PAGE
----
Tattle: Tough time$ for Toni Braxton - again

Toni Braxton
Toni Braxton
Posted: October 08, 2010

THE ECONOMIC downturn has hit Toni Braxton. . . . again.

The singer has filed for bankruptcy a second time, citing millions of dollars in debt and financial problems. The filing will likely result in Toni having to sell some of her assets to pay off debts listed in court records as ranging between $10 million and $50 million.

How do you end up owing $50 million?

Toni's attorney, Debra Grassgreen, said in a statement that the filing will allow Toni to pay off tax debts, sell heavily indebted property in Atlanta and still care for her children.

And if Grassgreen is like the attorneys who handled our newspapers' bankruptcy, the filing is also likely to help her care for a small city.

It has been a rough few years for the multiple Grammy winner: In 2008, Toni was forced to cancel a series of Las Vegas shows after experiencing chest pains that were later diagnosed as microvascular angina. Later that year, she performed on "Dancing with the Stars" but missed the finale while recovering from removal of a benign breast tumor.

Grassgreen said that the Vegas show cancellations left her saddled with debts from which she could not recover.

Toni and her company, Liberty Entertainment, filed for bankruptcy Sept. 30, court records show. The filing was first reported by TMZ.com.

"This was a very difficult decision for Ms. Braxton," Grassgreen said. "However, after months of trying to work out an acceptable arrangement with her principal creditors, she determined that the only way to assure that she could meet her tax obligations and provide for her two small children was to commence these bankruptcy cases."

According to her filing, Toni, who previously filed for bankruptcy in 1998 (Note to creditors: You may want to think twice before lending her money) has assets worth up to $10 million.

A 'Jersey Boys' movie?

The Hollywood Reporter says that the Broadway musical "Jersey Boys," about the rise of Frankie Valli & the Four Seasons, is heading to the big screen thanks to Graham King's GK Films.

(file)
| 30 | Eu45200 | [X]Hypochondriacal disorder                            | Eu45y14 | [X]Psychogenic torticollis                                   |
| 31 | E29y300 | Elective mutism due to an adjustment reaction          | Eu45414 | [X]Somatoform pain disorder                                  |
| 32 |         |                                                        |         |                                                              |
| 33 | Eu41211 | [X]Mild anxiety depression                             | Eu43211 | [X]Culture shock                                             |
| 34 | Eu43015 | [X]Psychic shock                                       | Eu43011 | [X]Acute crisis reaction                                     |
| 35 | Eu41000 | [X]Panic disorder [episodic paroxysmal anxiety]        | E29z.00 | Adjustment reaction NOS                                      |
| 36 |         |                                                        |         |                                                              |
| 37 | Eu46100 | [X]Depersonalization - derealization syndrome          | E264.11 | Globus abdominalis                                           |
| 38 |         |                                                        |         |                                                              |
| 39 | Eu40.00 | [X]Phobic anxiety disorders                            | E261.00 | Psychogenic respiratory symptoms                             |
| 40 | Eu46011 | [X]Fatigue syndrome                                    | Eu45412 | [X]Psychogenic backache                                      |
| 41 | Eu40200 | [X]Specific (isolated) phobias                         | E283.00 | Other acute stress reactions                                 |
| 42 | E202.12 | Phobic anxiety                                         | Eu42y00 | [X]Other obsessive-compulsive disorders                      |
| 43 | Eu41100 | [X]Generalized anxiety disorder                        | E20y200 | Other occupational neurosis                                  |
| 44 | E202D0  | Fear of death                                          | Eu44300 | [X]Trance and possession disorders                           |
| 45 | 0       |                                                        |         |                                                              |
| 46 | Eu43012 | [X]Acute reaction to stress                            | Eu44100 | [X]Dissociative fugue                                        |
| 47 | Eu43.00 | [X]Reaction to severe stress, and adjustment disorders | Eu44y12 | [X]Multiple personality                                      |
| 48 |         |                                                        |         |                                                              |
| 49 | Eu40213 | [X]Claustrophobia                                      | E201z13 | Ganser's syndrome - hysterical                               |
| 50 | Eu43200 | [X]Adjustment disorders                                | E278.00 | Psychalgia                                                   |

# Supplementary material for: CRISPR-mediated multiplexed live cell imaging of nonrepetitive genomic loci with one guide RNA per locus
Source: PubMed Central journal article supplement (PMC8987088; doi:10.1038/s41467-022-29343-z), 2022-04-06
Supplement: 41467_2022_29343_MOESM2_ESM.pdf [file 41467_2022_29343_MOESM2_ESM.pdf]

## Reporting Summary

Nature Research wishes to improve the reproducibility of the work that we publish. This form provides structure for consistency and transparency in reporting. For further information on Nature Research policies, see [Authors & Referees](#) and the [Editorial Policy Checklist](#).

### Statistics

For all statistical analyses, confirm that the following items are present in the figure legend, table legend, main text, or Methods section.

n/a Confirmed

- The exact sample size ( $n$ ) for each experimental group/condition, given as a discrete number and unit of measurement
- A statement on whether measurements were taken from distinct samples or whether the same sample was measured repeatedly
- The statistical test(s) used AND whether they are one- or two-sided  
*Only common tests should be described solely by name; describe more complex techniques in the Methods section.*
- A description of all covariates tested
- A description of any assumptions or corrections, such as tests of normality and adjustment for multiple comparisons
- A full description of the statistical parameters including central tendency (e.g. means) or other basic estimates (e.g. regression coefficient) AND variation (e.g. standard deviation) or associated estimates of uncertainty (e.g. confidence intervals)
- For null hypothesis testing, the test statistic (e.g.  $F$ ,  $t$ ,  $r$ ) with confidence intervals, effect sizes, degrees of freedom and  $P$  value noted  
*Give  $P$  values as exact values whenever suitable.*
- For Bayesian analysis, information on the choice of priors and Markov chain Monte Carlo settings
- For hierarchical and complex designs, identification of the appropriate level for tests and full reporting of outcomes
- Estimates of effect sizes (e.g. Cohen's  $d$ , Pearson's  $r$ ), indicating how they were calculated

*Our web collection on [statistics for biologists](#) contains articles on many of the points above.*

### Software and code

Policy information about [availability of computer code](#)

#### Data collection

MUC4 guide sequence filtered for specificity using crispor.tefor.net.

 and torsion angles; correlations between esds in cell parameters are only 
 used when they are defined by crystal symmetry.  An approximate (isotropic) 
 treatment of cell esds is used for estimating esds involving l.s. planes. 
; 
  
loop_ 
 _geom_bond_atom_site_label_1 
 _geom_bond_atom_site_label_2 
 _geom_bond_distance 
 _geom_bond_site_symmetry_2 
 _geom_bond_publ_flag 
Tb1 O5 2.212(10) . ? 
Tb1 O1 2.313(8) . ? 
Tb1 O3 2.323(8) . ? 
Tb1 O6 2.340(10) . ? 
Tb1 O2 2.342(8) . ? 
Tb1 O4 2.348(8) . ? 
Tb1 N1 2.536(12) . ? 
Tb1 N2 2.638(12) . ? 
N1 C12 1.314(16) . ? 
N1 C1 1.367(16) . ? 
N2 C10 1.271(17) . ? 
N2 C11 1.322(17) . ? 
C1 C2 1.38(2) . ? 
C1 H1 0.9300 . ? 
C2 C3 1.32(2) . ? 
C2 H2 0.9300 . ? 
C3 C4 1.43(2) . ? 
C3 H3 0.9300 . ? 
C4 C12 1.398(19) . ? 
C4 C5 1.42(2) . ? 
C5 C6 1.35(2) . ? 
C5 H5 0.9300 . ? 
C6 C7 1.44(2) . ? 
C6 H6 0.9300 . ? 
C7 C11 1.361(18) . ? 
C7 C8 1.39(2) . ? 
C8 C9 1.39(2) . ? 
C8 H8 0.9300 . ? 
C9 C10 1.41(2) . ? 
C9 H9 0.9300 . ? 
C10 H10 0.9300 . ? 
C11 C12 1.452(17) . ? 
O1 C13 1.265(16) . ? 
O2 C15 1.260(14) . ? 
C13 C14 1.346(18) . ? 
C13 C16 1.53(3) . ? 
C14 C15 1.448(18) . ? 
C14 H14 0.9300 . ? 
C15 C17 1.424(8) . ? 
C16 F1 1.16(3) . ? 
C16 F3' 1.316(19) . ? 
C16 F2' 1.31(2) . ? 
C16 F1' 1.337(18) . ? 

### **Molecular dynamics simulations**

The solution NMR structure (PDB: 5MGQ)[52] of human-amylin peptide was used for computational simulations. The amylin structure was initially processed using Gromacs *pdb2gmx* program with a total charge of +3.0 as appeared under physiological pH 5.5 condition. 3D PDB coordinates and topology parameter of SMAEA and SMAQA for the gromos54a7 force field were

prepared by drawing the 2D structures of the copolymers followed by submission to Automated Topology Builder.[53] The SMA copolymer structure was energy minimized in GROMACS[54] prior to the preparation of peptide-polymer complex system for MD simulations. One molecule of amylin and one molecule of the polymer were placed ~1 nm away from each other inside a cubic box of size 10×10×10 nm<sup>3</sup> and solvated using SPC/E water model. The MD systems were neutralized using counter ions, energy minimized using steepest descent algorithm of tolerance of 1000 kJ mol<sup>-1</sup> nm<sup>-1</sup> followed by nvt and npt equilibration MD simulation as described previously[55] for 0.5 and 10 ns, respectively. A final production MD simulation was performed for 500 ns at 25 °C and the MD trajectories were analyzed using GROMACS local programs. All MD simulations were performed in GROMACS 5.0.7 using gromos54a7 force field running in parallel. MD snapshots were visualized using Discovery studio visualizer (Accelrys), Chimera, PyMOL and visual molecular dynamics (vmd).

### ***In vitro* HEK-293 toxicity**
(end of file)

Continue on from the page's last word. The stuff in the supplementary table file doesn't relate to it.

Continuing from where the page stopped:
Since films often are pitched to a younger audience than are Broadway shows, the film will be called "Jersey Shore Boys."

Tabs not wild about 'Harry' doc

British tabloids expressed outrage yesterday over a new documentary-style film that imagines what would happen if Prince Harry was taken hostage by the Taliban.

"The Taking of Prince Harry" depicts the prince, played by Sebastian Reid, serving in the military in Afghanistan and being kidnapped by insurgents.

Newspapers condemned the film and suggested that it could endanger the prince's safety if he returned to Afghanistan.

Huh? It might be an offensive idea for a movie but how could it endanger the prince?

A spokeswoman at Channel 4, which produced the mock doc, says that there is nothing in the program "that would compromise Harry or any other serving member of the armed forces' safety."

The film focuses on the negotiations that could take place if the prince were taken hostage and held behind enemy lines.

Hamish Mykura, head of documentaries at Channel 4, said that the idea of taking the prince hostage is "clearly not an idea that would be new to the Taliban or al Qaeda or to their supporters."


* NBC hasn't canceled its Jim-

my Smits legal drama, "Outlaw," but it is suspending production on future episodes, according to the Hollywood Reporter.

The show's most recent episode drew only 4.7 million viewers.

* The FBI has

seized a set of John Lennon's fingerprints from the Manhattan memorabilia shop Gotta Have It! The New York Times says that the signed fingerprint card was made at a police station on May 8, 1976, and bears the name John Winston Ono Lennon. At the time, Lennon was applying for citizenship.

FBI spokesman James Margolin said that the feds were investigating how the item "came to be up for auction."

Gotta Have It! owner Peter Siegel said that Homeland Security also inquired about the card.

Siegel said that an unidentified concert promoter bought it at a Beatles convention about two decades ago.

Yo, guys, it may be time to take Lennon off the no-fly list.

* Best-selling author Mitch Albom ("Tuesdays With Morrie") has written a play based on the life of the late Detroit Tigers broadcaster Ernie Harwell, who died in May at age 92.

Albom said in a statement yesterday that "Ernie" will premiere next year at the City Theatre, in Detroit. Casting will begin in November.

Albom says that Harwell's "story transcends sports" and "is a rich and wonderful subject for the stage."

* The Nation magazine is reporting that former CNN anchor Lou Dobbs relied on illegal immigrants to help maintain his homes even as he railed against them on the air.

The Nation said that the article, published online yesterday, was based on a yearlong investigation.

Dobbs said in an interview yesterday that the article was "a political assault" based on what he called "the lie" that he has hired illegal immigrants. He says: "I have never, do not now, and never will."

The other shoe will drop in 5 . . . 4 . . . 3 . . . 2 . . .

* Justin Timberlake says he thinks that vinyl records "sound warmer" and "more vintage" than digitalized tunes.

And people who remember vinyl think that Frank Sinatra and Tony Bennett "sound warmer" and "more vintage" than Justin Timberlake.

Justin, however, does acknowledge that MP3 files are handy for selling his own songs online.

Besides, albums don't fit in the CD-ROM tray.

Daily News wire services contributed to this report.

E-mail gensleh@ phillynews.com